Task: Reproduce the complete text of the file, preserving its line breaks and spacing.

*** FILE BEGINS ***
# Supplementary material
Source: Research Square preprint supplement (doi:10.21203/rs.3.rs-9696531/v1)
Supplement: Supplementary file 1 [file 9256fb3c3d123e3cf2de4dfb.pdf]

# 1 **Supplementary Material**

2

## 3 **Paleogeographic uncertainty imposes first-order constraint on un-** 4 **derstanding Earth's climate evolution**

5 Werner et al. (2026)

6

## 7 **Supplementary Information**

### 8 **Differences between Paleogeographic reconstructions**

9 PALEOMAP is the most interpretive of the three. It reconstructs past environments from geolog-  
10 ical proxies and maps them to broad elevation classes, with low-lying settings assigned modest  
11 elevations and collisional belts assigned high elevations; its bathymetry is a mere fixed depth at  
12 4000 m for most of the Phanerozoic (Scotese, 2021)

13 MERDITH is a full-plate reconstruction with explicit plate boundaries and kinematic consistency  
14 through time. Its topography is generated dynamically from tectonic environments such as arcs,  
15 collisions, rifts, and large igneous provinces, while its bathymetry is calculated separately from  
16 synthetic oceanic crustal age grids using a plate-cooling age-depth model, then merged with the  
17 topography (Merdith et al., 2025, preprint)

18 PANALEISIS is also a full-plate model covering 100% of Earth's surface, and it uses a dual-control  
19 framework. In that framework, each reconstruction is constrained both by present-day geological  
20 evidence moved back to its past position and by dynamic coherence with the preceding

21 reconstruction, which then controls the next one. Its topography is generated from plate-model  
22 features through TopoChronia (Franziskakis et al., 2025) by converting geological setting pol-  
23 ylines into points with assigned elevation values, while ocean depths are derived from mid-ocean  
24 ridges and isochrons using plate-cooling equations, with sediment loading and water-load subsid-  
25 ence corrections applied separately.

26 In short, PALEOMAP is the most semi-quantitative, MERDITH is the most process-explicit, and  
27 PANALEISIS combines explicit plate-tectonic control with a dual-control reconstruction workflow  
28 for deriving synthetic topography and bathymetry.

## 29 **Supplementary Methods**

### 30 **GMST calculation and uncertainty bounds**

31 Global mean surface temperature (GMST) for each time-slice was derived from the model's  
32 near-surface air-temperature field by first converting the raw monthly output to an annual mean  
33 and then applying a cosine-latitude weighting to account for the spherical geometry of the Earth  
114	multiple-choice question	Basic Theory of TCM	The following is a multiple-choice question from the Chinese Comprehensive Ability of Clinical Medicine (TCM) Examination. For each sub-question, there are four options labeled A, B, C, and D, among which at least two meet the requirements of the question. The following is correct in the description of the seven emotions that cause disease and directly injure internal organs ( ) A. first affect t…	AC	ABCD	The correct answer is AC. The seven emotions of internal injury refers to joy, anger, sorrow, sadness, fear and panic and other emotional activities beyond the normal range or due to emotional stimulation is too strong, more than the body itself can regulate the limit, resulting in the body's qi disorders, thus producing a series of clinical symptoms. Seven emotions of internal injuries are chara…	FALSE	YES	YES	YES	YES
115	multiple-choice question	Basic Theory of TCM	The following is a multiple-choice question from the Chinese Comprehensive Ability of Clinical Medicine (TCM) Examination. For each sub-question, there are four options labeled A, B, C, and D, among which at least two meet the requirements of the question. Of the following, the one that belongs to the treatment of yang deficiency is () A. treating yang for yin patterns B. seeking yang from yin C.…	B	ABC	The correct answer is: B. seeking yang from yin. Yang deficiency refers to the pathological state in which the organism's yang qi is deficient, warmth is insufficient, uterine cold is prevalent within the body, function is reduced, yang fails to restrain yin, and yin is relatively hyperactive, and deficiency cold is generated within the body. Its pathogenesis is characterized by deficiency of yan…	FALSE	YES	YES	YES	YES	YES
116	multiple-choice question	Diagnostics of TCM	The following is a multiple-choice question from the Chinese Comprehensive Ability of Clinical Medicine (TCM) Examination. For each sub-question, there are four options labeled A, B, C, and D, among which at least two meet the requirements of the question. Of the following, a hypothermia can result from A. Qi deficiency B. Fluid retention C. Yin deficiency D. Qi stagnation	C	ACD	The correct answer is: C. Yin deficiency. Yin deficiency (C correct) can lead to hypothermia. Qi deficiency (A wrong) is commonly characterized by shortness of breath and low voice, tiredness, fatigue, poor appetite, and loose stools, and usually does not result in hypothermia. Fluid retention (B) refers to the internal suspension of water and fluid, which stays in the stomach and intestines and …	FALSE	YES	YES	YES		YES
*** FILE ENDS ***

# Supplementary material
Source: Research Square preprint supplement (doi:10.21203/rs.3.rs-9696531/v1)
Supplement: Supplementary file 1 [file 9256fb3c3d123e3cf2de4dfb.pdf]

# 1 **Supplementary Material**

2

## 3 **Paleogeographic uncertainty imposes first-order constraint on un-** 4 **derstanding Earth's climate evolution**

5 Werner et al. (2026)

6

## 7 **Supplementary Information**

### 8 **Differences between Paleogeographic reconstructions**

9 PALEOMAP is the most interpretive of the three. It reconstructs past environments from geolog-  
10 ical proxies and maps them to broad elevation classes, with low-lying settings assigned modest  
11 elevations and collisional belts assigned high elevations; its bathymetry is a mere fixed depth at  
12 4000 m for most of the Phanerozoic (Scotese, 2021)

13 MERDITH is a full-plate reconstruction with explicit plate boundaries and kinematic consistency  
14 through time. Its topography is generated dynamically from tectonic environments such as arcs,  
15 collisions, rifts, and large igneous provinces, while its bathymetry is calculated separately from  
16 synthetic oceanic crustal age grids using a plate-cooling age-depth model, then merged with the  
17 topography (Merdith et al., 2025, preprint)

18 PANALEISIS is also a full-plate model covering 100% of Earth's surface, and it uses a dual-control  
19 framework. In that framework, each reconstruction is constrained both by present-day geological  
20 evidence moved back to its past position and by dynamic coherence with the preceding

21 reconstruction, which then controls the next one. Its topography is generated from plate-model  
22 features through TopoChronia (Franziskakis et al., 2025) by converting geological setting pol-  
23 ylines into points with assigned elevation values, while ocean depths are derived from mid-ocean  
24 ridges and isochrons using plate-cooling equations, with sediment loading and water-load subsid-  
25 ence corrections applied separately.

26 In short, PALEOMAP is the most semi-quantitative, MERDITH is the most process-explicit, and  
27 PANALEISIS combines explicit plate-tectonic control with a dual-control reconstruction workflow  
28 for deriving synthetic topography and bathymetry.

## 29 **Supplementary Methods**

### 30 **GMST calculation and uncertainty bounds**

31 Global mean surface temperature (GMST) for each time-slice was derived from the model's  
32 near-surface air-temperature field by first converting the raw monthly output to an annual mean  
33 and then applying a cosine-latitude weighting to account for the spherical geometry of the Earth  
114	multiple-choice question	Basic Theory of TCM	The following is a multiple-choice question from the Chinese Comprehensive Ability of Clinical Medicine (TCM) Examination. For each sub-question, there are four options labeled A, B, C, and D, among which at least two meet the requirements of the question. The following is correct in the description of the seven emotions that cause disease and directly injure internal organs ( ) A. first affect t…	AC	ABCD	The correct answer is AC. The seven emotions of internal injury refers to joy, anger, sorrow, sadness, fear and panic and other emotional activities beyond the normal range or due to emotional stimulation is too strong, more than the body itself can regulate the limit, resulting in the body's qi disorders, thus producing a series of clinical symptoms. Seven emotions of internal injuries are chara…	FALSE	YES	YES	YES	YES
115	multiple-choice question	Basic Theory of TCM	The following is a multiple-choice question from the Chinese Comprehensive Ability of Clinical Medicine (TCM) Examination. For each sub-question, there are four options labeled A, B, C, and D, among which at least two meet the requirements of the question. Of the following, the one that belongs to the treatment of yang deficiency is () A. treating yang for yin patterns B. seeking yang from yin C.…	B	ABC	The correct answer is: B. seeking yang from yin. Yang deficiency refers to the pathological state in which the organism's yang qi is deficient, warmth is insufficient, uterine cold is prevalent within the body, function is reduced, yang fails to restrain yin, and yin is relatively hyperactive, and deficiency cold is generated within the body. Its pathogenesis is characterized by deficiency of yan…	FALSE	YES	YES	YES	YES	YES
116	multiple-choice question	Diagnostics of TCM	The following is a multiple-choice question from the Chinese Comprehensive Ability of Clinical Medicine (TCM) Examination. For each sub-question, there are four options labeled A, B, C, and D, among which at least two meet the requirements of the question. Of the following, a hypothermia can result from A. Qi deficiency B. Fluid retention C. Yin deficiency D. Qi stagnation	C	ACD	The correct answer is: C. Yin deficiency. Yin deficiency (C correct) can lead to hypothermia. Qi deficiency (A wrong) is commonly characterized by shortness of breath and low voice, tiredness, fatigue, poor appetite, and loose stools, and usually does not result in hypothermia. Fluid retention (B) refers to the internal suspension of water and fluid, which stays in the stomach and intestines and …	FALSE	YES	YES	YES		YES